A few decades ago, when the late broadcaster Paul Harvey used to provide “The Rest of the Story,” he told about a well-to-do couple who’d given each other expensive wedding rings, engraved, with names and dates, before taking a trans-Atlantic cruise on a luxury liner.
Not accustomed to wearing a ring at all, the new husband must have let it slip off his finger, falling into the deep blue sea. As Paul Harvey explained, the couple, then years older, took the same voyage, and on their return trip sat down to a seafood dinner. Suddenly, Harvey related, the husband bit into something hard, almost chipping a tooth.
The man discovered he’d bitten into a . . . into a . . . fishbone!
Surprised? What are the chances that a tiny object in millions of cubic miles of ocean would end up in the owner’s bicuspid? Continue reading
There’s nothing like the tactility (is there such a word?) of skin-to-paper contact with coffee as a chaser. It’s been my passion for decades.
Let me explain:
Few people will disagree about the benefits of having a morning newspaper with their morning coffee. It’s a natural. And those lacking a morning paper — well, what do we do? Do we save last evening’s newspaper and treat it as if it where a morning paper?
I’m referring to recent changes at the Albuquerque Journal that somehow made my neighborhood, the Camp Luna area, off-limits for home delivery. The policy change came up suddenly, so today I write this column without the benefit of having seen the metropolitan daily this morning while in PJ’s.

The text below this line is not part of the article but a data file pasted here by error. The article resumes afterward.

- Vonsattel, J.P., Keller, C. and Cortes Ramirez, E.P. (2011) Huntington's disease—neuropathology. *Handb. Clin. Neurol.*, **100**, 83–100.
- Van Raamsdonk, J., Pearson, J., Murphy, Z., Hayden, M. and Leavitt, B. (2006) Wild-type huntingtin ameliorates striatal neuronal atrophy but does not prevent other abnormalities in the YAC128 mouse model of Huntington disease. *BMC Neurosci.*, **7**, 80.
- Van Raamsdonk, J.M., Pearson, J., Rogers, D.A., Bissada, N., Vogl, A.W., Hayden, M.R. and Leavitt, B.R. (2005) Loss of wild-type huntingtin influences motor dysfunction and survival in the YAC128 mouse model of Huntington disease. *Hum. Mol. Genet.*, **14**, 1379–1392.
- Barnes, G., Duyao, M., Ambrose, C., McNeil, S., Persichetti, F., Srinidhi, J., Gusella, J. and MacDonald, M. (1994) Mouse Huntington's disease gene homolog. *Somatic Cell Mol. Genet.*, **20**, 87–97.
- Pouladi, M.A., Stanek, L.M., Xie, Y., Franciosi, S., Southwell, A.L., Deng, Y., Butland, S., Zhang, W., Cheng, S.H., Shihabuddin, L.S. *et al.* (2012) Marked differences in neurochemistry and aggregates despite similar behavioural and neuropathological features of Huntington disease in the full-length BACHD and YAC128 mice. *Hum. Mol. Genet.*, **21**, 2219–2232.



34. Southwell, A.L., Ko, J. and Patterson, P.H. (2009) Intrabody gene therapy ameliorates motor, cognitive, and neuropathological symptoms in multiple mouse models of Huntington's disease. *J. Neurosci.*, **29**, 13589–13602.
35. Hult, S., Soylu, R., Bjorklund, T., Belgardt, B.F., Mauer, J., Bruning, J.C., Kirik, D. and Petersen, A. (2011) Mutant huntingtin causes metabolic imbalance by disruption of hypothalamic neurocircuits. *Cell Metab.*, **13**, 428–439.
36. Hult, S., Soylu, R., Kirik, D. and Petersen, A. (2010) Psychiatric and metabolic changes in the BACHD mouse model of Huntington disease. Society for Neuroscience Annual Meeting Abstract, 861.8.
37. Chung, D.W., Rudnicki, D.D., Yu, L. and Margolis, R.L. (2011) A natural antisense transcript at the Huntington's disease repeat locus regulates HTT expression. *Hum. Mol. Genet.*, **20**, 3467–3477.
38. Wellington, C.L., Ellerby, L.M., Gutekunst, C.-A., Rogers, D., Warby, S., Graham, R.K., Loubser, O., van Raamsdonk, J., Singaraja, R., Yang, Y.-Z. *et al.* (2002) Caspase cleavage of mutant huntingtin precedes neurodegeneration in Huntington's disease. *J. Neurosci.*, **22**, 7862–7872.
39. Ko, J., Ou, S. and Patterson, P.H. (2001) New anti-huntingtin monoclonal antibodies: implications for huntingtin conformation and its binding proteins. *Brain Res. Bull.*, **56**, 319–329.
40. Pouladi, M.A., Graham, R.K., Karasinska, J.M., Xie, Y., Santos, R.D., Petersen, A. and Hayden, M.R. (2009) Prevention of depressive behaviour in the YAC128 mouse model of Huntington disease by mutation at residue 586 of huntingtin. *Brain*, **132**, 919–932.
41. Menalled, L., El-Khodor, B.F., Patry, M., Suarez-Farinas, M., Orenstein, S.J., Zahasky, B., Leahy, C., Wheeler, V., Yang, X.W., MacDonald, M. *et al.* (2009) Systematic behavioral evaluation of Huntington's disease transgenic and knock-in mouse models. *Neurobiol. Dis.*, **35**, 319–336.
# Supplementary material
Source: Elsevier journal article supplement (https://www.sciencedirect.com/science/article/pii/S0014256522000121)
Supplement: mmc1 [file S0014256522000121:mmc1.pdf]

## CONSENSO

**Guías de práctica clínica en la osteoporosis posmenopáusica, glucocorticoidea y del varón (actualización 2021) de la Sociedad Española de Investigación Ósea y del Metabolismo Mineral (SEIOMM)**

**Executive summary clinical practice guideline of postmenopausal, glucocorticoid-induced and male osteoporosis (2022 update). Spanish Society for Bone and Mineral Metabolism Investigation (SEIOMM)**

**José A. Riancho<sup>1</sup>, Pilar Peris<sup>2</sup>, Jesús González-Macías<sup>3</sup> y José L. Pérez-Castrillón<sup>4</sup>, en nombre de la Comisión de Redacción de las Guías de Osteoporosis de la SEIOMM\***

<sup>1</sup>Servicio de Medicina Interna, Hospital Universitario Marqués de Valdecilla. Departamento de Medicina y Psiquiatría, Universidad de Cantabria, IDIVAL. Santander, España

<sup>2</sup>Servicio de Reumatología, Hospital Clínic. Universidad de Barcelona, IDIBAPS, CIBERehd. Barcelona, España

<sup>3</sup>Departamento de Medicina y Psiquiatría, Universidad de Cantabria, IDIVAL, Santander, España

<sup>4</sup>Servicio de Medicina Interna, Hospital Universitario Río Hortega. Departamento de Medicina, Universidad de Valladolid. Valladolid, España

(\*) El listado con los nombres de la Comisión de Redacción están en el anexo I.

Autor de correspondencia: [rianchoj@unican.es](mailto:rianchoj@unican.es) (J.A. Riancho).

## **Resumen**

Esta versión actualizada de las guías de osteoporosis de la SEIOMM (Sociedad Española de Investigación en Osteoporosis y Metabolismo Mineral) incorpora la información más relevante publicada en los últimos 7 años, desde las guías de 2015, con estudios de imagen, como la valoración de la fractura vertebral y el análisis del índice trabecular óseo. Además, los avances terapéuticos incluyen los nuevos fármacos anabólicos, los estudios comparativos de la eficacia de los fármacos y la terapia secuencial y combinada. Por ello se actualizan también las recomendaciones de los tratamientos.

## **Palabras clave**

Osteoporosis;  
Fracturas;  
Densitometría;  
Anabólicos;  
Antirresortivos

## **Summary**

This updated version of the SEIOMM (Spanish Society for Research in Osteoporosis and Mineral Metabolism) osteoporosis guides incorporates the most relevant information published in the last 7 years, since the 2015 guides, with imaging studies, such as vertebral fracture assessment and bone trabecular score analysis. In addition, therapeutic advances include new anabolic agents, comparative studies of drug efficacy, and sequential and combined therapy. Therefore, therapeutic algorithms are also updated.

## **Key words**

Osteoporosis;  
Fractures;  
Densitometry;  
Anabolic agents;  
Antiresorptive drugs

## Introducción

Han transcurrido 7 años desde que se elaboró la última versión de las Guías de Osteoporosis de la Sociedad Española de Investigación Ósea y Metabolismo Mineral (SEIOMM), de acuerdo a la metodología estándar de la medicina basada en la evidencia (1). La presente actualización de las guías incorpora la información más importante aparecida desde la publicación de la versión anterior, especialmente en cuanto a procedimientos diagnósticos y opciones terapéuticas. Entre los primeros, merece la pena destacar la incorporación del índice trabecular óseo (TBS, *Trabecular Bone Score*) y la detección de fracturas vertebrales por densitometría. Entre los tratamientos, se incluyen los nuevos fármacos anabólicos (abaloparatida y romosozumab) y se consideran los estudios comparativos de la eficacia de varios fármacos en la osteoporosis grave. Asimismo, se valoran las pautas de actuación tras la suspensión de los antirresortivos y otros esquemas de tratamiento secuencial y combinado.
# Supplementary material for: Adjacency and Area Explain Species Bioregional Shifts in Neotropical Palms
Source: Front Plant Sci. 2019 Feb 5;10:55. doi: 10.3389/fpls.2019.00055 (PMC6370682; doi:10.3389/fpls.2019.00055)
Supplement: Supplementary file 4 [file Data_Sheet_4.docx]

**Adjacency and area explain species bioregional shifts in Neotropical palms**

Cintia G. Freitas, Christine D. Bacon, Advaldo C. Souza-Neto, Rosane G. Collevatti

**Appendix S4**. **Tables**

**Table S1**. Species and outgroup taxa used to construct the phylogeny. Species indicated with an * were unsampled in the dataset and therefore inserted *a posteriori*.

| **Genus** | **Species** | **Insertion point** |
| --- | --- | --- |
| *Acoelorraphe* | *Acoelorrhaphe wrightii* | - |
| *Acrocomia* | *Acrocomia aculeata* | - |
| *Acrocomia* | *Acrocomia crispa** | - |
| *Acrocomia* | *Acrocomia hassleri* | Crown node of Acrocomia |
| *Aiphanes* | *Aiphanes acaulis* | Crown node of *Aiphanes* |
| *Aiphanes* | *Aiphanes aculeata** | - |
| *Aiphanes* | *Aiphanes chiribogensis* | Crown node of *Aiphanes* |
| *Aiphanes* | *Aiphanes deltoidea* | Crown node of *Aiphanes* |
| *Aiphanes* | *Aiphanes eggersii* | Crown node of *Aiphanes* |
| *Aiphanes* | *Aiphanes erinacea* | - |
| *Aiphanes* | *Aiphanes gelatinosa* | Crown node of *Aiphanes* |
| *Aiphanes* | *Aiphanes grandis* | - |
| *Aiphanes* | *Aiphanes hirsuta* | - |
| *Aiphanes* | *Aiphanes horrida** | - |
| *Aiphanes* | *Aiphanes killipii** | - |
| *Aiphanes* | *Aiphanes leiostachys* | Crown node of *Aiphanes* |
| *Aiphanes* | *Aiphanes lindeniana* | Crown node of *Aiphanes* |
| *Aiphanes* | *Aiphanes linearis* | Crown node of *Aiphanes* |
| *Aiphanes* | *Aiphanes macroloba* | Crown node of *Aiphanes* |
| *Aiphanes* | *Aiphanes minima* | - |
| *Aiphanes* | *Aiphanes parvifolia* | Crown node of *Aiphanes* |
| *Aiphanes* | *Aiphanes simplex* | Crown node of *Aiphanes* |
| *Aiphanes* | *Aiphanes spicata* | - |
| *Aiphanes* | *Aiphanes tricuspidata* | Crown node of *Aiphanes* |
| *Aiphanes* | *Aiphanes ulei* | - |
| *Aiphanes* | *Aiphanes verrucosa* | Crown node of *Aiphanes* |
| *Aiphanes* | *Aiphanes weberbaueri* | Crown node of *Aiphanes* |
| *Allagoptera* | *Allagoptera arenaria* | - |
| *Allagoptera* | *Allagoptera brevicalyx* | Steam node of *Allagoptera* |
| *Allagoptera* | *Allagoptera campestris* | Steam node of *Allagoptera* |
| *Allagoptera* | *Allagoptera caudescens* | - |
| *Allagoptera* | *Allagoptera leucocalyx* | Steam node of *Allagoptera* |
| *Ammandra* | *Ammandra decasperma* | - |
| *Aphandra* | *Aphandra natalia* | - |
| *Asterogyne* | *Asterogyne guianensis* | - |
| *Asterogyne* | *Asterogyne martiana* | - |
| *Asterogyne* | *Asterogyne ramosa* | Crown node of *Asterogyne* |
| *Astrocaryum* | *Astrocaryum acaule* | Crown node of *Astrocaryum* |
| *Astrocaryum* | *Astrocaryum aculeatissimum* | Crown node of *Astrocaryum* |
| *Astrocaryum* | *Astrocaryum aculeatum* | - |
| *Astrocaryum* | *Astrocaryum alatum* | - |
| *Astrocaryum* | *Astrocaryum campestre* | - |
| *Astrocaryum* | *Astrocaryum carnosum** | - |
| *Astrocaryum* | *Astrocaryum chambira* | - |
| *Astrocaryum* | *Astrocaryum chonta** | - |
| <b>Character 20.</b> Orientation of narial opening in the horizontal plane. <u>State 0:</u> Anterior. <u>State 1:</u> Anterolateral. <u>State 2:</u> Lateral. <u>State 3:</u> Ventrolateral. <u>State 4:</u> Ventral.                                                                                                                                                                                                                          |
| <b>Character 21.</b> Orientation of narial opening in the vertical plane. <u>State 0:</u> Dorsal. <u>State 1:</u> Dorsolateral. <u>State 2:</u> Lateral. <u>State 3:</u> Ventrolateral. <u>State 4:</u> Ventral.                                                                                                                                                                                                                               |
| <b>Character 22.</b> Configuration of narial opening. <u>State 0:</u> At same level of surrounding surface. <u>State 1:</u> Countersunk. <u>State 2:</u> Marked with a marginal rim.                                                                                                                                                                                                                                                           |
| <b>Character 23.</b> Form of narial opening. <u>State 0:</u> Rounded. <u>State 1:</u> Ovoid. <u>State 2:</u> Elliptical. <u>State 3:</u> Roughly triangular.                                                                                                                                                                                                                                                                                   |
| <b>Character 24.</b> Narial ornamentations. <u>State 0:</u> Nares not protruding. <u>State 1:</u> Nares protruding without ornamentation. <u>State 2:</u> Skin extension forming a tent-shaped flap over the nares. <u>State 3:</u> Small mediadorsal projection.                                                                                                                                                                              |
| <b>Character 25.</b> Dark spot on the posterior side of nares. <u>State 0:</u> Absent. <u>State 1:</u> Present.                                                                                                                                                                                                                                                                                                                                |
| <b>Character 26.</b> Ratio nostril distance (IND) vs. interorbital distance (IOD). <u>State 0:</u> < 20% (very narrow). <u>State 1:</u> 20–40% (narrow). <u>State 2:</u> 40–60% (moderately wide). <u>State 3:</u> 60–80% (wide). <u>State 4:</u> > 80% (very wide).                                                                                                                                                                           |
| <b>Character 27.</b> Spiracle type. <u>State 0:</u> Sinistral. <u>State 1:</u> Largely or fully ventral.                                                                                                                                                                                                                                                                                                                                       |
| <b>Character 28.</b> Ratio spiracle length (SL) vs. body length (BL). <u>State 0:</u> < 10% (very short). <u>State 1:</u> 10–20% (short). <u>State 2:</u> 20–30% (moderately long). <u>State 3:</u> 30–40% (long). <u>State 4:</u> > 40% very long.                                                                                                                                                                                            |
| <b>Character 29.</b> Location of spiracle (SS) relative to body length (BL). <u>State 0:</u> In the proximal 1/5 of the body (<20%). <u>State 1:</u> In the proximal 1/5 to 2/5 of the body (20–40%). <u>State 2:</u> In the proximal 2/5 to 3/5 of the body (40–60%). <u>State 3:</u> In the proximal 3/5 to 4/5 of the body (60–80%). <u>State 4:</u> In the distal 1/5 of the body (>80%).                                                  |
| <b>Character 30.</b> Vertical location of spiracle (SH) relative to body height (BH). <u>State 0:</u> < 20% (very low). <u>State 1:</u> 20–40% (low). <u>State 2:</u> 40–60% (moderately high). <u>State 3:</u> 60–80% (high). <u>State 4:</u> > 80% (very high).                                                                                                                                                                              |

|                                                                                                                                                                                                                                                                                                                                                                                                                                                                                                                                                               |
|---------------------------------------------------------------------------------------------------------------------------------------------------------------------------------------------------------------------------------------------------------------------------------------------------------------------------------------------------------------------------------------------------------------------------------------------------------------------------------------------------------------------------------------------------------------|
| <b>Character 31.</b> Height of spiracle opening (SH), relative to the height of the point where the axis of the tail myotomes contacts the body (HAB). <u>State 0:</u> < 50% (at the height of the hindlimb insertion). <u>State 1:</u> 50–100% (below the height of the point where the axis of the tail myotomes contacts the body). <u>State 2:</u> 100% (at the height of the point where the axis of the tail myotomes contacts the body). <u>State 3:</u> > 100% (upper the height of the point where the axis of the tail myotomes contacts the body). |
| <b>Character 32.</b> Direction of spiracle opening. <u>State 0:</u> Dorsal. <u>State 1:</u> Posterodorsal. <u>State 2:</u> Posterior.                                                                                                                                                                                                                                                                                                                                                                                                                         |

Saturday, I received a recorded phone message from the Journal circulation department, announcing that the next day, Sunday, I was to receive no paper. Instead, a rebate check for my paid-up subscription would arrive soon. Well, that was small comfort. How do the Albuquerque Journal-ists expect subscribers to swallow their coffee without a newspaper in hand? Continue reading
For as long as people have existed, many have cultivated the Art of Exaggeration. Strange, but when it comes to minimizing things, we aren’t as skillful.
Let me explain:
Watch any childhood scuffle on the school playground, and the loser will tell Mommy that “Jimmy almost suffocated me and practically knocked all my teeth out.” Instead of the playground, the brutal assault is said to have taken place “right in the middle of the street, in heavy traffic.” If Mommy reports the assault to the school principal, the kid is likely to effect a limp, struggle with breathing and fail to show all his teeth. A red badge of courage might also help.
Now is MY account a bit of an exaggeration? Perhaps. But nevertheless, I’m sure we’re all aware of the syndrome called “Hyper Inflammation of the Imagination.” As a child, the youngest, I used that tack as well, especially when an older sibling roughed me up, making me hope Mom or Dad would “really give it to” one sibling or the other. Continue reading
It’s interesting when people consistently use the incorrect word and can’t tolerate any correction, even when it’s offered politely.
Let me explain:
A friend with whom I once took classes at Highlands had been hobbling around on crutches a couple of weeks ago. I saw her this week, sans crutches and asked how she was doing. “Much better! I’m just glad I’m not ambulatory anymore!”
Now w-a-i-t a second. Maria had fractured a bone in March and needed crutches to help her get around. She was able to walk on her own this week. Obviously, at some point her doctor used the term “ambulatory,” which my friend must have taken to mean “laid-up,” “unable to walk” or “gettable aroundable only with a wheelchair.”
But that’s just the opposite! I hope to remain ambulatory the rest of my life. Apparently, the sense of “ambulance” entered her mind and she pictured herself being wheeled around on a gurney. Continue reading